Glenn K. Jackson Inc. v. Roe, 273 F.3d 1192, 1197 (9th Cir. 2001) (quoting Biakanja, 49 Cal. 2d at 650) (alterations in original). Although Biankaja applied the test to determine whether a defendant could be held liable to a third person not in privity with the defendant, Nymark held that the test also determined "whether a financial institution owes a duty of care to a borrower-client." Nymark, 231 Cal. App. 3d at 1098.

In support of the first Nymark exception, plaintiff contends that "[i]llegally force-placing overpriced insurance is not part of a lender's usual role as such an action exceeds the scope of a lender's conventional role as a mere lender of money." (FAC ¶ 38.) Plaintiff has provided no support to show that force-placing insurance constitutes an unusual level of involvement in her loan by Saxon such that it would create a duty of care. See Walters v. Fidelity Mortg. of Cal., No. S-09-3317 FCD KJM, --- F. Supp. 2d ----, 2010 WL 3069341, at *1, 18 (E.D. Cal. Aug. 4, 2010) (complaint alleging that lender force-placed insurance, among other acts, did not show a relationship outside the scope of a traditional lender-borrower relationship).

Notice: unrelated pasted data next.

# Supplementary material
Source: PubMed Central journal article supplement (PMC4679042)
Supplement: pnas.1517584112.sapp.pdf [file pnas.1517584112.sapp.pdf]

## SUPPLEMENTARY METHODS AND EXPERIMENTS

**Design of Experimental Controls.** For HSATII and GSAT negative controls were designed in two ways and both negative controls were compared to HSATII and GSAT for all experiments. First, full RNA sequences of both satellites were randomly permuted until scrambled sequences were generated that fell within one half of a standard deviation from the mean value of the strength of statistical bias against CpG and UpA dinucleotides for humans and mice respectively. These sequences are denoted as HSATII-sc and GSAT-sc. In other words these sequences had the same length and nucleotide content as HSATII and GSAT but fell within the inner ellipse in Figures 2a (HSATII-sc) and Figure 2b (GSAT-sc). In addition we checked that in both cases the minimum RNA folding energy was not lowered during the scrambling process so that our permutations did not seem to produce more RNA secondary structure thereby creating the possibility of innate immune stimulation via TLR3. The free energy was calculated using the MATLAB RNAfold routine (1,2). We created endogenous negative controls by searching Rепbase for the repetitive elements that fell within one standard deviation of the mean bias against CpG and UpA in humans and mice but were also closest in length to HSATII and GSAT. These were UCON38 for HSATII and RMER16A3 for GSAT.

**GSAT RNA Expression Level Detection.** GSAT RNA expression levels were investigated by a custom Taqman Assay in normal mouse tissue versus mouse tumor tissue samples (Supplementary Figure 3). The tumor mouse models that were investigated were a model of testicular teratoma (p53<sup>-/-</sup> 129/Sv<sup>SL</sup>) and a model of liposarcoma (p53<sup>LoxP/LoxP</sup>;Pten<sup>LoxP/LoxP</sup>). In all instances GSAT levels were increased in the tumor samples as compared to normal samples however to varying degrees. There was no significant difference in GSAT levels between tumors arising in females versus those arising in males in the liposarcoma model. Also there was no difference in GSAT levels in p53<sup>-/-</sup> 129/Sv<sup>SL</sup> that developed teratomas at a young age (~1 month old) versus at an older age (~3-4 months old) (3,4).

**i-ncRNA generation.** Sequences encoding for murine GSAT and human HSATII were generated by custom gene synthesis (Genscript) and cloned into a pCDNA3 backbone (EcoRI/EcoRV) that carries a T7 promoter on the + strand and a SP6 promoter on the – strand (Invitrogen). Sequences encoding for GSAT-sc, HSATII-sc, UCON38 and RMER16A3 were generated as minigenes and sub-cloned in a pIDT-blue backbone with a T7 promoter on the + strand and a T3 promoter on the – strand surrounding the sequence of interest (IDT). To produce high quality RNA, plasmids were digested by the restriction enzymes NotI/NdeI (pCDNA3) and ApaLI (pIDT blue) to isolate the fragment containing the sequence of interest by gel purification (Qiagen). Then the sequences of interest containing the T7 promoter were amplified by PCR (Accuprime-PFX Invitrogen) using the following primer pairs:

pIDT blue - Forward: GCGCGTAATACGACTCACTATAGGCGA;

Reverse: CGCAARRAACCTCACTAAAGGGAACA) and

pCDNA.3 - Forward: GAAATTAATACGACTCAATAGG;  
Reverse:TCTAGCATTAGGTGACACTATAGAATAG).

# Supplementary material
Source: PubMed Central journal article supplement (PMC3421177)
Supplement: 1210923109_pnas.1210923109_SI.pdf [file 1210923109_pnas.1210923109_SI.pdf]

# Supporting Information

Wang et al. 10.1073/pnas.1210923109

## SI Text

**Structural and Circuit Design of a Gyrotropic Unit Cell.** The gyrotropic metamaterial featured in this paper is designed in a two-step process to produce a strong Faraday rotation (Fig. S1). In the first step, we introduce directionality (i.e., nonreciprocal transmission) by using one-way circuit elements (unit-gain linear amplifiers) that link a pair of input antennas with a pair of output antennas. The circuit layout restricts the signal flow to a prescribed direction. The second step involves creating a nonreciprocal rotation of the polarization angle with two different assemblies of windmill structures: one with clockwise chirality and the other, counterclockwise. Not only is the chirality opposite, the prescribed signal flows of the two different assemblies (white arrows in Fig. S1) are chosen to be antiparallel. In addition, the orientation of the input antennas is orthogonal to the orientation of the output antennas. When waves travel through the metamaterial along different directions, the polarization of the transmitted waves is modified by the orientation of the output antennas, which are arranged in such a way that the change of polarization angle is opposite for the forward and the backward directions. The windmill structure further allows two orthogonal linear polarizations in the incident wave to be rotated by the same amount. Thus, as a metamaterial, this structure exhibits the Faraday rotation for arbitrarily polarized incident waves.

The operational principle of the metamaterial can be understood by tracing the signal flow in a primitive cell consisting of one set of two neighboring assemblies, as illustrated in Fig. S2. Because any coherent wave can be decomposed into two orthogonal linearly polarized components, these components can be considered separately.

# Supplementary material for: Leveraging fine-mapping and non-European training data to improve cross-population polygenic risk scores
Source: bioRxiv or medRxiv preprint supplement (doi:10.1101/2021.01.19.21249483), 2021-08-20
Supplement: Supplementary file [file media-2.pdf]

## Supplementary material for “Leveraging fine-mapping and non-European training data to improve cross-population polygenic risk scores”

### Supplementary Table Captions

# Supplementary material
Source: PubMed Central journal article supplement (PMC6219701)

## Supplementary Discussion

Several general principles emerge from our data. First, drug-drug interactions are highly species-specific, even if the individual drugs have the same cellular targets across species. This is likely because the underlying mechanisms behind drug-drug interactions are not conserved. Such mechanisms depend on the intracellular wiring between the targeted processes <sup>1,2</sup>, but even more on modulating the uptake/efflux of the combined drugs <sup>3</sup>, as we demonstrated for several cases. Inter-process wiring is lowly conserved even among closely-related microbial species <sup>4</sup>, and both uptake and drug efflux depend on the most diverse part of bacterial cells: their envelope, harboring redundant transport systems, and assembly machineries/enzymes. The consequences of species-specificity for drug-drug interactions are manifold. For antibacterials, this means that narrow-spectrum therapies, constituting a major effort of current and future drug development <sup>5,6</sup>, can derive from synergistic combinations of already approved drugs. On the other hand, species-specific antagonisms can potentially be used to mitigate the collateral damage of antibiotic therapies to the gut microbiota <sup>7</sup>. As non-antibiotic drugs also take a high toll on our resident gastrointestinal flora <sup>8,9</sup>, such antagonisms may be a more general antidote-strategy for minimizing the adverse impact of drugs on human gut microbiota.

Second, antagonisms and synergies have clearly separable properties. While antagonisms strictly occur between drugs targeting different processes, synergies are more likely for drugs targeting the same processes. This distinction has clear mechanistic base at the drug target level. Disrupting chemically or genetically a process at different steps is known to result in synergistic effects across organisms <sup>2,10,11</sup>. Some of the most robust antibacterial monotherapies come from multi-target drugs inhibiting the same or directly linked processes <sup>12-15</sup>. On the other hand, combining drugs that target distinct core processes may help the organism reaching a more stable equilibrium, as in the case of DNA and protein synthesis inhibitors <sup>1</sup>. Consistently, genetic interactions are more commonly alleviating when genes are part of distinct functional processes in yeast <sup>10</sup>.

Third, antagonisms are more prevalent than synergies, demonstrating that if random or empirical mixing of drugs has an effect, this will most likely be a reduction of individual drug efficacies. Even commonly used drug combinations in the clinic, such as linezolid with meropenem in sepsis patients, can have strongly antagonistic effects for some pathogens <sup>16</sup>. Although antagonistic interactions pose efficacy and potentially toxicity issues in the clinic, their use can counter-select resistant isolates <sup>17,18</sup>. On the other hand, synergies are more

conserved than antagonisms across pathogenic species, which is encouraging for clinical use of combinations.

Plaintiff has alleged a duty of care under the six-part Biakanja/Nymark balancing test. The "transaction" at issue includes Saxon's act of force-placing insurance and subsequent refusal to correct its mistake, which was certainly intended to affect plaintiff. By over-charging plaintiff and marking her as in default when she allegedly was not, it was foreseeable that plaintiff would be harmed, and indeed she was. Plaintiff alleges that Saxon's mistake and refusal to correct its mistake directly led to the foreclosure. Plaintiff has alleged sufficient moral blameworthiness, given that plaintiff allegedly attempted to correct the problem multiple times and Saxon refused to do so. Finally, holding lenders liable when their mistakes, and solely their mistakes, lead to foreclosure of an innocent borrower's home may prevent future harm.